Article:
Within five business days our first set of keys arrived.

Putting KeyMe to the test

This office key was prohibited from copying. But KeyMe ignored the “Do Not Duplicate” engraved in the key and made a copy anyway. That is in violation of company and industry policies.

One of our keys is a duplicate for a locked office.

In just a matter of moments we discovered the key worked. We got into the office.

But what about outside of the WTHR building?

Our first stop: a house.

With little effort, we're in.

Two for two. But could we keep our streak of "open houses" going?" Our third location presented some problems. After a few minutes fumbling with the key to try to open the lock, 13 Investigates declared, "We're not getting into this one!"

“I don't like the idea of somebody being able to take a picture of my keys and have a key made”

When we compared the duplicate keys with the original, it appears the grooves on the duplicates didn't go deep enough.

Back at JoLynn's house, the experiment is taking on a sobering effect.

"I don't like the idea of somebody being able to take a picture of my keys and have a key made," she told 13 Investigates.

Then came time to find out if the duplicates would get us inside.

"It works!" exclaimed JoLynn after pushing the door open and watching her dogs run out. A second copy of the key also worked.

Homeowner Reacts to Potential Risk

"It makes me feel like I need to guard my key much more closely and not leave it out in the open like I do," admitted JoLynn.

She said she often kept her keys hanging to the outside of her purse.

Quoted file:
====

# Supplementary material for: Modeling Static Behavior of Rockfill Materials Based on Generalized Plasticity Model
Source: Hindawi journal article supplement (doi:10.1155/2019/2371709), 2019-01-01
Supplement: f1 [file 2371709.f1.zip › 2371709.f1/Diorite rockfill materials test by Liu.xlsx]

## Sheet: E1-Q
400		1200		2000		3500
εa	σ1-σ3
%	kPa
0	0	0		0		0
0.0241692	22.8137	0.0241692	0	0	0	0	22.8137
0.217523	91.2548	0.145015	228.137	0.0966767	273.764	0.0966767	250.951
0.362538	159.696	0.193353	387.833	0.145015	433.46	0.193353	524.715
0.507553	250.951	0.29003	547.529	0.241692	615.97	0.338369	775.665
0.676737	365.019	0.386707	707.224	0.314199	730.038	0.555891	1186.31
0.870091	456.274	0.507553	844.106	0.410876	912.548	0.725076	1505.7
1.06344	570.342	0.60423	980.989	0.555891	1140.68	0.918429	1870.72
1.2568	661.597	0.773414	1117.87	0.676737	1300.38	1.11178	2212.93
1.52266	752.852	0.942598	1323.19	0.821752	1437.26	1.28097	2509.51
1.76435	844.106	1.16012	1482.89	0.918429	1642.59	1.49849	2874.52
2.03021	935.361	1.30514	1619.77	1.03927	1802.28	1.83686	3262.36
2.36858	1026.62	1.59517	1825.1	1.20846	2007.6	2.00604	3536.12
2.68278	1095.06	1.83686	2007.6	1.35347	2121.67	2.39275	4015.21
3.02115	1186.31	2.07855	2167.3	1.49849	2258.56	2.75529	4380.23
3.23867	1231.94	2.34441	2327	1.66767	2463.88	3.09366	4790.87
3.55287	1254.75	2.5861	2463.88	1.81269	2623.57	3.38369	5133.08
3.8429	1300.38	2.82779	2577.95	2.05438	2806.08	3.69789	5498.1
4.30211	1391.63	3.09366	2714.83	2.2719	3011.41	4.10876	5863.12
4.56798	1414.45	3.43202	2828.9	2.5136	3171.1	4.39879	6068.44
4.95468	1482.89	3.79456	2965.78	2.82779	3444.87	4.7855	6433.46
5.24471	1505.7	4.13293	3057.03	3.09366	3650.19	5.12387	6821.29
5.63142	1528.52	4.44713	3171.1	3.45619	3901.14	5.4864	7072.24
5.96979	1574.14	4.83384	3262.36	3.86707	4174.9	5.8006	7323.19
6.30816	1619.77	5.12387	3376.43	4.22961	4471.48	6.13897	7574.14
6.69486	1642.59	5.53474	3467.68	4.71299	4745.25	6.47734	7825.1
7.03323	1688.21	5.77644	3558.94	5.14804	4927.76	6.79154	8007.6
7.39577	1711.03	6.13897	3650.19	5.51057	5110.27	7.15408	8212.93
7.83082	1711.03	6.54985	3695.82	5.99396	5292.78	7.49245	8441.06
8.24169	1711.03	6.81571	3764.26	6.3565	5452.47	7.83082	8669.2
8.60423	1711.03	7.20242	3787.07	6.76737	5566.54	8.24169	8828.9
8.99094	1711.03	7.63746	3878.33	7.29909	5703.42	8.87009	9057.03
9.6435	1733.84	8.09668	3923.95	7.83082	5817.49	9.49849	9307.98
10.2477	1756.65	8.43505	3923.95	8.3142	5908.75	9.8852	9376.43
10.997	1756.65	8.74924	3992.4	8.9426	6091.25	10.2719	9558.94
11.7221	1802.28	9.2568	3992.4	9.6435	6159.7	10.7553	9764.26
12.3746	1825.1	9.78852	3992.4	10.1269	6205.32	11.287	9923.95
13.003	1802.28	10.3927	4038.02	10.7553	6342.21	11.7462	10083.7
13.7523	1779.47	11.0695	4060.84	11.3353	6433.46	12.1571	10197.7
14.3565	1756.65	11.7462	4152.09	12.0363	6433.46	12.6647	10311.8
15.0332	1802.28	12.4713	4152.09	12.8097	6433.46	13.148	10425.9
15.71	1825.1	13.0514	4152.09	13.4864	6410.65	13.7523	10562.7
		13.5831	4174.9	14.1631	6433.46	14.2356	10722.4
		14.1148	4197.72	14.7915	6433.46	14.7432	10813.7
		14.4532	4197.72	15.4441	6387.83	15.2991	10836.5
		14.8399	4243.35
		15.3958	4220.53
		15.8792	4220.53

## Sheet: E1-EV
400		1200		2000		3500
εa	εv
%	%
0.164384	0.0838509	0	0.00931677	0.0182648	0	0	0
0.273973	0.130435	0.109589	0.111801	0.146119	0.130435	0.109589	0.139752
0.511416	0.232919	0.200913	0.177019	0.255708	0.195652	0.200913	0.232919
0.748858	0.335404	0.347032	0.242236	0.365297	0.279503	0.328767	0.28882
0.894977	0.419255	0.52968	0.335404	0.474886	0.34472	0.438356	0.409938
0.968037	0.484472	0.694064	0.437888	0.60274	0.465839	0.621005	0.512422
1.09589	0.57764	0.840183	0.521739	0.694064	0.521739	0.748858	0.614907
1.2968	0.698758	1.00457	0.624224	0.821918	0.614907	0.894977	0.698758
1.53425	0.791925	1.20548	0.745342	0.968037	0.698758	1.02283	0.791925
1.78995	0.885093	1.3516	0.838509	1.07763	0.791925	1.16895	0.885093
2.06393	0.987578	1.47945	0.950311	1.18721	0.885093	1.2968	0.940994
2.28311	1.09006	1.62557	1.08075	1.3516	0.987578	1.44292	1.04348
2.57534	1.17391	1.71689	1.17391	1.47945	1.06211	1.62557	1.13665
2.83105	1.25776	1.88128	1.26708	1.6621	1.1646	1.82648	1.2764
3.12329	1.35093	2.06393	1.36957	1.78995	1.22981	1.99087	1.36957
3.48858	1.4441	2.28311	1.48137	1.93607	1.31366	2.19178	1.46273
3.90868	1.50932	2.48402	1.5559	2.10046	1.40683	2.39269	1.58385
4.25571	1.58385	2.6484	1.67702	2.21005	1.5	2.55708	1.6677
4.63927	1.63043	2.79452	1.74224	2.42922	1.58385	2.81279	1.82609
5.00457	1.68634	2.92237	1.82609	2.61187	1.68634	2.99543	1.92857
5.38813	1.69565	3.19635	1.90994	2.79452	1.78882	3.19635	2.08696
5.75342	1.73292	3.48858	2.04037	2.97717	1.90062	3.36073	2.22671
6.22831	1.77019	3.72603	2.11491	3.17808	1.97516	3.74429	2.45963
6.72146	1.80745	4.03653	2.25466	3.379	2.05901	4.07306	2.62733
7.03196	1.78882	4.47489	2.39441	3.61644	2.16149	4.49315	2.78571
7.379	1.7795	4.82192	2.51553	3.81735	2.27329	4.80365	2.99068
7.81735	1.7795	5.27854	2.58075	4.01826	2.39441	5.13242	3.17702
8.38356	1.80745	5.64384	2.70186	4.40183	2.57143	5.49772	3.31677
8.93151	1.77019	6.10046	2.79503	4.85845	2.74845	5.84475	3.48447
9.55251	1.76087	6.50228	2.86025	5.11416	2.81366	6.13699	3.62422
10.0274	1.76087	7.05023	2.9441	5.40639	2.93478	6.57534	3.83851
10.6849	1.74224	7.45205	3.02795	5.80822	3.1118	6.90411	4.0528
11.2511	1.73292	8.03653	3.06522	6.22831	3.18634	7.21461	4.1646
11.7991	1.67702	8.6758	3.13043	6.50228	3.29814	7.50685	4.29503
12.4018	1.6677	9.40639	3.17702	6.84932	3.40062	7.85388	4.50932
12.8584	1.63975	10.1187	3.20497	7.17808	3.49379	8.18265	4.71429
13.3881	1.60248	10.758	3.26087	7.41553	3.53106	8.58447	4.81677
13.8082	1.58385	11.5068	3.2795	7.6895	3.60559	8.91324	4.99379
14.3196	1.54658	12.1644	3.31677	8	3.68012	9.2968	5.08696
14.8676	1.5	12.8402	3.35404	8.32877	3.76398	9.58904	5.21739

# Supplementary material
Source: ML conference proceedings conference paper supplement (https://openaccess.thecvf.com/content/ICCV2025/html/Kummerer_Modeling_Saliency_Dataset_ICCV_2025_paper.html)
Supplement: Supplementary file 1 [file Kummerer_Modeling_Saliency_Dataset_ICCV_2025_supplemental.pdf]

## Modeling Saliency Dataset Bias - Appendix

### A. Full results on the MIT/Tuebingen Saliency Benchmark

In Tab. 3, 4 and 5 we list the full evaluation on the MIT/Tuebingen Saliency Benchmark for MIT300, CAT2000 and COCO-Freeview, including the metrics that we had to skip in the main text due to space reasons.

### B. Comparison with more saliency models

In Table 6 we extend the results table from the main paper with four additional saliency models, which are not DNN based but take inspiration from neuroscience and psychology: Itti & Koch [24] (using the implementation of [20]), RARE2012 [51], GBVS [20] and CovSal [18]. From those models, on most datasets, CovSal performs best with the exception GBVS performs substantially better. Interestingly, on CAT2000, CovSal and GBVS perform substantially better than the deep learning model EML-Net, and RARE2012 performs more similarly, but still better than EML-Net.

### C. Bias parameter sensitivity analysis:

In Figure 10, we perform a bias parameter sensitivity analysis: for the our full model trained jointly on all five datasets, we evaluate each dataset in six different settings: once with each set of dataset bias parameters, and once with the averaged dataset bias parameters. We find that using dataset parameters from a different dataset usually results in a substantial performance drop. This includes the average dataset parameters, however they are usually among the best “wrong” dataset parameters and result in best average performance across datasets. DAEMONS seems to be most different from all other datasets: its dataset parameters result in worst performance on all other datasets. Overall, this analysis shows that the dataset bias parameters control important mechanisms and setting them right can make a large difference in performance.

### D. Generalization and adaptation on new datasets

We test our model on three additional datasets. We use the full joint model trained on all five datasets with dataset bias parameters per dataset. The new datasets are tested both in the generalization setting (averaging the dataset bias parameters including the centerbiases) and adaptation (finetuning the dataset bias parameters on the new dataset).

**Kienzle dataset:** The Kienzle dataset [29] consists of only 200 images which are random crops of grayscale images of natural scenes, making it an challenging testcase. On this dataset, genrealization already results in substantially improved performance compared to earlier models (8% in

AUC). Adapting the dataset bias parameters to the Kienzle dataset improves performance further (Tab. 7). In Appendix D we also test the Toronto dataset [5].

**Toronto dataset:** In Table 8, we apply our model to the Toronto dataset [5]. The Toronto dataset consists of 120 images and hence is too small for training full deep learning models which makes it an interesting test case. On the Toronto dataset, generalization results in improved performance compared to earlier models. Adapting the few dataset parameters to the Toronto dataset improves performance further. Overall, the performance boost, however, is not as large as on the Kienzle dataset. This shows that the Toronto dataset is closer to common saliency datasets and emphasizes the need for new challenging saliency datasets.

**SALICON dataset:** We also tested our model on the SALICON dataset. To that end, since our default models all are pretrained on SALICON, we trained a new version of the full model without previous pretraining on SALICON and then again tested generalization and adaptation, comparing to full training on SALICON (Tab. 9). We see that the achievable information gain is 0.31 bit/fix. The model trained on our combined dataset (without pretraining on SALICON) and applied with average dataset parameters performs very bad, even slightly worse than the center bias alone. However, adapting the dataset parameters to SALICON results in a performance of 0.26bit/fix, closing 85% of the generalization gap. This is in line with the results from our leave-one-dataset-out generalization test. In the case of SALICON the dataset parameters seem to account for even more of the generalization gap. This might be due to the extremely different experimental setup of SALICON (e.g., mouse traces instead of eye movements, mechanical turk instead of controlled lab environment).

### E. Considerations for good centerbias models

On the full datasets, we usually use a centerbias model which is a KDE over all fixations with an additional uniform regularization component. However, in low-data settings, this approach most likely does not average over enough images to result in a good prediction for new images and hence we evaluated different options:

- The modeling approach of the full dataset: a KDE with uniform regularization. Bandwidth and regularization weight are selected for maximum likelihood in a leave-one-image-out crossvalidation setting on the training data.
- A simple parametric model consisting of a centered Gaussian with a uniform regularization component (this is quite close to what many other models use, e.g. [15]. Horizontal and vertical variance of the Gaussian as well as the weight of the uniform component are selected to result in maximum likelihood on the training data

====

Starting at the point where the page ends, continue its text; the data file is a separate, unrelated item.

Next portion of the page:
JoLynn's house was the second house 13 Investigates was able to access.

"Yeah, kind of disturbing," she said.

KeyMe failed to adhere to its online policy

But what's more alarming, we found KeyMe not following some of its own policies.

In some states the company will allow you to upload a car key to KeyMe. In the case of a lockout, that key can be made at a kiosk set up at certain stores with the key's digital code. Customers then physically go to the kiosk and pick up the key in person. Right now the closest kiosk to Indiana is in Chicago.

According to KeyMe policies, car keys can be made only at their Kiosks.

But 13 Investigates submitted one through the app and received a duplicate. That key not only got our crew inside the car but also let us start the ignition.

"Now I now have access to a car," revealed 13 Investigates reporter Sandra Chapman as she sat in the drivers seat.

KeyMe's Response to Security

We reached out to KeyMe with our questions about its security.

Michael Harbolt, the Vice President of Marketing told us in a statement and on the phone:

"KeyMe is the safest and most secure way to copy keys. We have made millions of keys since inception and never had a single reported instance of our keys being used in a crime."

13 Investigates questioned how anyone would know.

Copies of a homeowner's keys can be uploaded in minutes without them even knowing and KeyMe's website said it does not keep any records linking key purchases to locations.

Still Harbolt insists the company's data consisting of digital codes and credit card purchases can provide law enforcement with some information. But he refused to admit KeyMe breached its own policy by sending a car key by mail order.

"It's clear they're not checking," said JoLynn who now vows to keep a closer eye on her keys.

"Come on boys!" she yells to her dogs as she goes behind closed doors to ponder what just happened.

Ultimately it's up to your own comfort level if you use an app like KeyMe.